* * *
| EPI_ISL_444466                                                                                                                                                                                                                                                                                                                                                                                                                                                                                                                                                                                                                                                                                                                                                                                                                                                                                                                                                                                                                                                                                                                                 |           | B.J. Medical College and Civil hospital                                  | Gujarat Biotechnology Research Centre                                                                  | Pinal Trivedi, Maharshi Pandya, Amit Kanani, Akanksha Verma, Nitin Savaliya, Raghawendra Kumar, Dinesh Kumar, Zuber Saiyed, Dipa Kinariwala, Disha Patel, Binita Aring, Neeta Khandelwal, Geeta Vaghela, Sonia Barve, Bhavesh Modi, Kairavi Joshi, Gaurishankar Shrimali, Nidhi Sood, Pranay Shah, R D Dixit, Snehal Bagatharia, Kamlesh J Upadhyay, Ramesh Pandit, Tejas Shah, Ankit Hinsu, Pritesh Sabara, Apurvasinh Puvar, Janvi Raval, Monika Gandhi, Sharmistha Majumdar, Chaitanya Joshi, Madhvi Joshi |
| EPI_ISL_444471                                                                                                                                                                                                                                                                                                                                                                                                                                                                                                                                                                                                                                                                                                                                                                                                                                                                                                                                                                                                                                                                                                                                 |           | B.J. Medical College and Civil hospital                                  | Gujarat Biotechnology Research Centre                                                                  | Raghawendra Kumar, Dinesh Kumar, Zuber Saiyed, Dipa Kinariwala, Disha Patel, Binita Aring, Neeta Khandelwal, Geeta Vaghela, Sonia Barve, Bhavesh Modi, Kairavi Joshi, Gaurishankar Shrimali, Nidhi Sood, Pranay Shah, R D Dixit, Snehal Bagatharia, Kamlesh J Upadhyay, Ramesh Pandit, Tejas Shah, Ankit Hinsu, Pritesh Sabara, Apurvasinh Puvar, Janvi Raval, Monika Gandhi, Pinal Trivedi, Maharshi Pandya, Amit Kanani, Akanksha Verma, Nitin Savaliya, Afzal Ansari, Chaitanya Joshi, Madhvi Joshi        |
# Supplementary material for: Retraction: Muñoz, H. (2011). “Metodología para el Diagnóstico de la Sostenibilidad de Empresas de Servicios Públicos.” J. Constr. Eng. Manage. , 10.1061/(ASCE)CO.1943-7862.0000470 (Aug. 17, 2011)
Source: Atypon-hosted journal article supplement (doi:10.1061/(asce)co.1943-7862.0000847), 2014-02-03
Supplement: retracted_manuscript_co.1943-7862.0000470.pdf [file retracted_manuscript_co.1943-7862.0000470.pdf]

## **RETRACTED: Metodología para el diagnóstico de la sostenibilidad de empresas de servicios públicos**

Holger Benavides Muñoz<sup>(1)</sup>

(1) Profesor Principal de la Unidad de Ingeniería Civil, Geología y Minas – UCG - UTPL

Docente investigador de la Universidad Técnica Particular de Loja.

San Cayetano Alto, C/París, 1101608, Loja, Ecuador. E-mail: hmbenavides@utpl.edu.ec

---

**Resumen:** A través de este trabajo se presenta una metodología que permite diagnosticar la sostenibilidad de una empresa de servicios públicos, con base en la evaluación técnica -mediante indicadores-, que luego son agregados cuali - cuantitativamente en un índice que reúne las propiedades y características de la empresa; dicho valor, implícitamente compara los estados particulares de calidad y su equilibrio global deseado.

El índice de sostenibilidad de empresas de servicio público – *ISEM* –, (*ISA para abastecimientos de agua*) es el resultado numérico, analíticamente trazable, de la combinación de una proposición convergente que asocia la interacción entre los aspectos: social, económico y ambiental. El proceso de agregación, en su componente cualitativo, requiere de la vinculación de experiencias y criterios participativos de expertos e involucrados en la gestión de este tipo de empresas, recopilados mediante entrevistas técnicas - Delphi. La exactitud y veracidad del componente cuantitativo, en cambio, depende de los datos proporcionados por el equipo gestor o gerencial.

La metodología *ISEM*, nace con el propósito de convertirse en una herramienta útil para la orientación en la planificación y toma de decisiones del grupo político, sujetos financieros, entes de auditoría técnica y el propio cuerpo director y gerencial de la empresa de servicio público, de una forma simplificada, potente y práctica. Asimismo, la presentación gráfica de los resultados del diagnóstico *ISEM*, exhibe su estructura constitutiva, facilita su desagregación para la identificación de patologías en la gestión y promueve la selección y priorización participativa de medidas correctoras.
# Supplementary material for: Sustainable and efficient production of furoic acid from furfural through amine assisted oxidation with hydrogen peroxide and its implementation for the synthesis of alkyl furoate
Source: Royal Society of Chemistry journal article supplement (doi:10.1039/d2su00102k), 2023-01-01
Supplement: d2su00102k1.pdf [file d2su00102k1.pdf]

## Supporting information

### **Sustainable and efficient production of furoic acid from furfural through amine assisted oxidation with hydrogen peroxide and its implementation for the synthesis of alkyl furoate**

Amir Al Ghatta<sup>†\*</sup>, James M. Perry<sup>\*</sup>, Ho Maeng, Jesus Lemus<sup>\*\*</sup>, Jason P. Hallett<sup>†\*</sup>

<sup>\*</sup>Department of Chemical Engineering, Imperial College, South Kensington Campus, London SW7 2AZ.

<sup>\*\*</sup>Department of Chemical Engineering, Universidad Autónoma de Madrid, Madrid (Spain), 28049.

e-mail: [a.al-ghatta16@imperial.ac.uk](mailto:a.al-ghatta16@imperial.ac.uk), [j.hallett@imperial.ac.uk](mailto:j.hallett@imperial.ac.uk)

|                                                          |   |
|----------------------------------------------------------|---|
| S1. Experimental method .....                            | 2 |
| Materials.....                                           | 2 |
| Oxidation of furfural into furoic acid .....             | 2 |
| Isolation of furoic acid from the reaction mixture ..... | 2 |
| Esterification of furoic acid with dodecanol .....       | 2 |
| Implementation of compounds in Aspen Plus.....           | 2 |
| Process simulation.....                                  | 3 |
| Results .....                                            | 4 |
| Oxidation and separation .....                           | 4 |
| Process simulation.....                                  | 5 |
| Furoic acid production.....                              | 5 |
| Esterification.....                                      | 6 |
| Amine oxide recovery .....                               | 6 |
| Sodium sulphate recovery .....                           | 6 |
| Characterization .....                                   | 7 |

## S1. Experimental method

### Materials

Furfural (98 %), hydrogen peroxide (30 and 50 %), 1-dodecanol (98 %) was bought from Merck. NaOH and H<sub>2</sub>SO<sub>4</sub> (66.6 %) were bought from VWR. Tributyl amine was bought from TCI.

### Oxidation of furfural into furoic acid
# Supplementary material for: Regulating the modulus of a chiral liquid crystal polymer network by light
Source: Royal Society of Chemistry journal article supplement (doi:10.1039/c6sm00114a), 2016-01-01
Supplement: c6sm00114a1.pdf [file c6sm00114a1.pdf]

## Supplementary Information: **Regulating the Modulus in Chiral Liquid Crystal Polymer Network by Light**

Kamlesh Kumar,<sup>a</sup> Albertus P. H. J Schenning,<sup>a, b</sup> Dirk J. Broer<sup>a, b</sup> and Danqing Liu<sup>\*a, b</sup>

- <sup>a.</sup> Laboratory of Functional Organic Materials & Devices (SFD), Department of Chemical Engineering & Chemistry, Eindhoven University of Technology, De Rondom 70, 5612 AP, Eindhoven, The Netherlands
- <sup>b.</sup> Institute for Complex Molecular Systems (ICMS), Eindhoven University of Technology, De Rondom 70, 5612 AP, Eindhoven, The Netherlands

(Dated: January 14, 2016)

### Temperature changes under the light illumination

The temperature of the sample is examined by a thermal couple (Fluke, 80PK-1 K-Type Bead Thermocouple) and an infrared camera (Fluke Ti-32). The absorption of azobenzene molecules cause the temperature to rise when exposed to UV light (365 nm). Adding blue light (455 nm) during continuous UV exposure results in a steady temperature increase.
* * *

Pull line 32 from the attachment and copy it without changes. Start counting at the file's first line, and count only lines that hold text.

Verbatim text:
| Process simulation.....                                  | 3 |